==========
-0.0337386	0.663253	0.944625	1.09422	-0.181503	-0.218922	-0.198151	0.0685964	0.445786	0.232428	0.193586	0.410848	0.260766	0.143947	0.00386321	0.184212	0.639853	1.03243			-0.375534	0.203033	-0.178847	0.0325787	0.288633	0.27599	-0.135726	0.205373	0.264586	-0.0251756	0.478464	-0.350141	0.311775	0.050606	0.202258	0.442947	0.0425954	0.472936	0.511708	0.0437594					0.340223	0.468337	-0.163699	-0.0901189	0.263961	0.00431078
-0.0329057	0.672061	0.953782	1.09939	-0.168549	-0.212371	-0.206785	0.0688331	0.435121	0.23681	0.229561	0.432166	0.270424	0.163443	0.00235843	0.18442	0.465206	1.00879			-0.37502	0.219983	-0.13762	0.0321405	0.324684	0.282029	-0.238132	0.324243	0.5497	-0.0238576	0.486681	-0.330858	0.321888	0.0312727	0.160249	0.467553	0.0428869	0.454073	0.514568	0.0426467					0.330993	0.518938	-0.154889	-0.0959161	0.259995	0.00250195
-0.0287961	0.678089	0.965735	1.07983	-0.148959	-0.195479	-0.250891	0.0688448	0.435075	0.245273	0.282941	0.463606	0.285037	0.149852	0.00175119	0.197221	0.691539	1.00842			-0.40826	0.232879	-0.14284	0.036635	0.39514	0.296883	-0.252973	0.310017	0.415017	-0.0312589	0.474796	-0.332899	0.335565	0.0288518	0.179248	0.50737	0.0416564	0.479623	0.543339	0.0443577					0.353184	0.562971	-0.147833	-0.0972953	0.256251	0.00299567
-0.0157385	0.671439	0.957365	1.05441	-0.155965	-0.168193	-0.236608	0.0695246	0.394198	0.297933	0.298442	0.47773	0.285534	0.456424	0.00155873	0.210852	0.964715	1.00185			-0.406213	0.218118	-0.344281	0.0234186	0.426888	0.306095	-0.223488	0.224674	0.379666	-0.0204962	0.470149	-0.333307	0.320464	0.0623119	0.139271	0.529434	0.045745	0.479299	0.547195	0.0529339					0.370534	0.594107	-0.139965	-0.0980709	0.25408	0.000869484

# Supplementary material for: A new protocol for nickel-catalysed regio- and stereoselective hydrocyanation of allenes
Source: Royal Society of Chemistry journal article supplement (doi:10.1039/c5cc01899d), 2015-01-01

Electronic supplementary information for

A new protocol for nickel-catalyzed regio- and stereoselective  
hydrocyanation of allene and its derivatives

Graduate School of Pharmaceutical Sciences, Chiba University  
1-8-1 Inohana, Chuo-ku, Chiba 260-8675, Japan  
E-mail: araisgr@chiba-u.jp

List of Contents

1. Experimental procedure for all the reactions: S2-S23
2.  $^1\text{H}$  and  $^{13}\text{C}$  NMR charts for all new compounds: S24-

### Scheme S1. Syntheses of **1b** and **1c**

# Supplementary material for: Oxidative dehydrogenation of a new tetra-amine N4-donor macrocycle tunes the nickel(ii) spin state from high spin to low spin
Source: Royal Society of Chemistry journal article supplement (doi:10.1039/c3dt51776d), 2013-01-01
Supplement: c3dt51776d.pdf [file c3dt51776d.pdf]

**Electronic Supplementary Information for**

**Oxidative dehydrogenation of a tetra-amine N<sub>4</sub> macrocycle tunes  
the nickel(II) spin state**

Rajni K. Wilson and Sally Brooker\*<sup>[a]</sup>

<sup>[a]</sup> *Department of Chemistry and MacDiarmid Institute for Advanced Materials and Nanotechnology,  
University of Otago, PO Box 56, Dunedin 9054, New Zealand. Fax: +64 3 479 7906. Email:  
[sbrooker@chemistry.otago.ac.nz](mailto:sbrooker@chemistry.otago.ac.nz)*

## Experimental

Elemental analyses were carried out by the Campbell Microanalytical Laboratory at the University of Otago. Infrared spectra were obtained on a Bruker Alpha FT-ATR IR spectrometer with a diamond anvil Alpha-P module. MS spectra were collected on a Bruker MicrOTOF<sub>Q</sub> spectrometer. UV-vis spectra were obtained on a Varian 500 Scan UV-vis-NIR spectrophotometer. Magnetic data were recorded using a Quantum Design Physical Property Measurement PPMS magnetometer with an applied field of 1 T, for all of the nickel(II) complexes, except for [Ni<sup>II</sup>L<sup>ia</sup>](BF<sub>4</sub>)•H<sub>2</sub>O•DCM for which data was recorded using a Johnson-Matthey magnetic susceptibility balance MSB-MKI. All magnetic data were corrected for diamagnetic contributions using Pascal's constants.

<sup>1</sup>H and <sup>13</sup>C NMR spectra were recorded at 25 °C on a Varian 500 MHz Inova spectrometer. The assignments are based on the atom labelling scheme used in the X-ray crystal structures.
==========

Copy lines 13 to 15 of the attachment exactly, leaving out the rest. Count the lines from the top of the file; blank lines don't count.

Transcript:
List of Contents

1. Experimental procedure for all the reactions: S2-S23
2.  $^1\text{H}$  and  $^{13}\text{C}$  NMR charts for all new compounds: S24-